Lilacs, Ilex and pot plant grower Marcel Groeneveld has been working with the brand new FlowerLine from Jamafa for about three weeks now. This makes this Aalsmeerder the second grower to get started with this new introduction, the FlowerLine. He has been working with the Jamafa Universal grading machine since 2018 and is very satisfied with this addition. “In addition to labor savings, faster processing and more uniformity, this combination brings us so much peace of mind and job satisfaction,” he says. BPnieuws was on location to take a look.
Grower Marcel Groeneveld and Bas Goede of Jamafa in front of the new FlowerLine.
Groeneveld is the seventh generation of the company and mainly grows Lilacs and Ilex, a good combination because the seasons follow each other. The cultivation of Lilacs is his core business, but the season has not yet started – at the moment he is still fully processing Ilex. This will take until the end of December, after which the Ilex, which are now drying in the 0.5 ha greenhouse, will make way for the Lilacs. Part of the greenhouse is also used for the production of pot plants.
The Ilex branches are processed in the period from October to December. The Ilex verticillata, also known as the winter berry, is part of the outdoor cultivation that starts at the beginning of October. Groeneveld has 10,000 shrubs that are harvested every other year in 2 batches. The berry branches (the female shrubs) are cut from the shrubs after which they are taken to the nursery. In the greenhouse, the branches are “scalded” under plastic. Within four weeks, the leaves fall off and only the branches with the berries remain. These are then ready to be processed.
Clockwise, the “scalding process”. At the top left the branches are still under the tarp, then the leaves are shaken off and the branches with berries remain (bottom left).
Processing – Sorting
The Ilex branches, but also those of Lilacs, are processed into bunches in the barn and this process has been fully automated since the beginning of November, from sorting to bunching. “My father used to do the sorting, but because he is getting older, we started looking at a sorting machin. After our first machine needed to be replaced we started looking at a new one. We stumbled upon Jamafa who has a sorting machine that can sort all kinds of flowers with the help of a camera according to stem length and thickness, berry stock/flower volume and length of berry stock/length of the ares. “At first I was quite skeptical, but after seeing the machine at another grower, we opted for the ‘Jamafa Universal grading machine'”.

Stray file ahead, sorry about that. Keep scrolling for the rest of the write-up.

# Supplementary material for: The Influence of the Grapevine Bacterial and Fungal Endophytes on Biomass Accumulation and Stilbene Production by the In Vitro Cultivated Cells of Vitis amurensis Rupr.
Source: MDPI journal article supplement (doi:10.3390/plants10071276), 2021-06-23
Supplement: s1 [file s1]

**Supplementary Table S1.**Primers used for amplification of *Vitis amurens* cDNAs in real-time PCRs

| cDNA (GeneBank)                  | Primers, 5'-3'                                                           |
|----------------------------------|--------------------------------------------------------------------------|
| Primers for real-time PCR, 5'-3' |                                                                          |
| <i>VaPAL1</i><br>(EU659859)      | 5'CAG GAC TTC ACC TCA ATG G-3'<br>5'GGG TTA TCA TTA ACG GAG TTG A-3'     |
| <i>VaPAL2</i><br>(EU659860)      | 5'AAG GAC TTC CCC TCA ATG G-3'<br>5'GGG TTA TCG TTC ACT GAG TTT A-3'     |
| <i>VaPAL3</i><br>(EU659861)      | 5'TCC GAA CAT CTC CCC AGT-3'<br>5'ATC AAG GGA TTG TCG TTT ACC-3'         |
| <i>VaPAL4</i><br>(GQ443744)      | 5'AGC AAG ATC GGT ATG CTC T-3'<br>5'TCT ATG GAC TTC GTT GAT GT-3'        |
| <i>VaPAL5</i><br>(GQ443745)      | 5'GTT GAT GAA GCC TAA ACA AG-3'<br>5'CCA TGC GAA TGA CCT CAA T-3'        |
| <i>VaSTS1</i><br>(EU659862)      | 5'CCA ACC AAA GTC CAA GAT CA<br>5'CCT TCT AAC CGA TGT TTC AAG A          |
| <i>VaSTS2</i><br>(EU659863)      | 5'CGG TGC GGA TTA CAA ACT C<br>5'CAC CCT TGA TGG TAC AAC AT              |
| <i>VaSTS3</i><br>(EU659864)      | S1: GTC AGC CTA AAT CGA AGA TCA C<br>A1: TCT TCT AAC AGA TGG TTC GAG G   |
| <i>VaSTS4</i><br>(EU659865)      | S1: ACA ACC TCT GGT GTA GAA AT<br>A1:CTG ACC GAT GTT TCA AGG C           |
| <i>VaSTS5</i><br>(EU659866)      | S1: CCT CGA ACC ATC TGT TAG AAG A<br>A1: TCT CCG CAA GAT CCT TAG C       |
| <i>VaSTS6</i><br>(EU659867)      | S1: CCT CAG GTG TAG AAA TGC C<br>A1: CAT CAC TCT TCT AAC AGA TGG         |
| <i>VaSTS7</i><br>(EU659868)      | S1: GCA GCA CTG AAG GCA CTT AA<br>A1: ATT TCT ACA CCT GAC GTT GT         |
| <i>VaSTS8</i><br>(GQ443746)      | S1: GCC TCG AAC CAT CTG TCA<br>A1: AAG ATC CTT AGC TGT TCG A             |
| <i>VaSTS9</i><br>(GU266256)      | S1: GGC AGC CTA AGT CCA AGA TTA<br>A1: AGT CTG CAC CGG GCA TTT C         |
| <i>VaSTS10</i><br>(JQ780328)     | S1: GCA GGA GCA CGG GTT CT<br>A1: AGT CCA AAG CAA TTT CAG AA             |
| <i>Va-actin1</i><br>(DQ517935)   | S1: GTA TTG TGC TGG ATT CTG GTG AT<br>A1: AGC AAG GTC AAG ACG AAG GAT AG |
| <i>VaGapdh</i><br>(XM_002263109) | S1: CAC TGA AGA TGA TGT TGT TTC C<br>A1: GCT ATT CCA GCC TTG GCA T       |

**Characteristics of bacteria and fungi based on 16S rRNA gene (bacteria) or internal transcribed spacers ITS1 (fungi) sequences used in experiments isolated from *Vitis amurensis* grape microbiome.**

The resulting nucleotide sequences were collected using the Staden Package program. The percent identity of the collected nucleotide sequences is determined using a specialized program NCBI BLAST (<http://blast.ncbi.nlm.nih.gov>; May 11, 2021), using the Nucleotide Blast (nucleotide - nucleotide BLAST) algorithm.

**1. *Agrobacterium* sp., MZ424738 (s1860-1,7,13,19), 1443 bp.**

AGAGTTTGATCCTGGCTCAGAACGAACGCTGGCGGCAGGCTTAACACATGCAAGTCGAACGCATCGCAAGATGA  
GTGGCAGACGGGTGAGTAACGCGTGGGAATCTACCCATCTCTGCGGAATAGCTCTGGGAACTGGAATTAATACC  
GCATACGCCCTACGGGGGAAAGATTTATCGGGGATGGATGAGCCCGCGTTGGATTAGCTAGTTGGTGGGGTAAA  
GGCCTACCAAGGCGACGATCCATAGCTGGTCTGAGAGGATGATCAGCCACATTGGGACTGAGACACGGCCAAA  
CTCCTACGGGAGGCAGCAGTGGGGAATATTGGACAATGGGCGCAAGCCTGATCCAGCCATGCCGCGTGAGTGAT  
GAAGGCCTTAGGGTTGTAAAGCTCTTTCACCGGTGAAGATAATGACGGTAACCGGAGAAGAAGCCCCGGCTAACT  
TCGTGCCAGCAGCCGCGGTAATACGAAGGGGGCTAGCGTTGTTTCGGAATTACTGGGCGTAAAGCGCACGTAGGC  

Groeneveld has been working with this machine since 2018 and is very satisfied. “Firstly, it saves a lot of work, we deliver much more uniform bunches and have therefore no longer received complaints from the auction, to which he supplies most of his flowers, or other customers regarding quality.”
How does sorting work? Groeneveld: “Only 1 person is needed to operate the machine. After the machine has been set to the sorting criteria (we can enter 12 different criteria) that we have in mind, you can start by simply placing the stems in the bin at the beginning of the conveyor. The camera then scans the branch and assigns it to a specific sorting”. See below.
The Ilex is placed in the bins per branch. Right behind the 12 sorting stations.
The camera data.
The branches sorted in the trays. By using a piece of chalk, the preset sorting on the computer can be easily adjusted on the tray.
Processing – FlowerLine
After sorting, the flowers are bunched on Jamafa’s brand new flower line. This flower line, also suitable for processing Lilacs and many other flower types (with both a hard and soft stem), is officially called the FlowerLine and distinguishes itself from other machines by, among other things, its silent processing. Other machines often use a circular saw to cut the flowers, but Jamafa has chosen to work with a combination blade (a circular blade and a counter blade). “This not only results in noiseless cutting of the branches, but also avoids shifting the bunch, which you normally see with a circular saw that becomes dull,” says Bas Goede, Jamafa Sales Manager.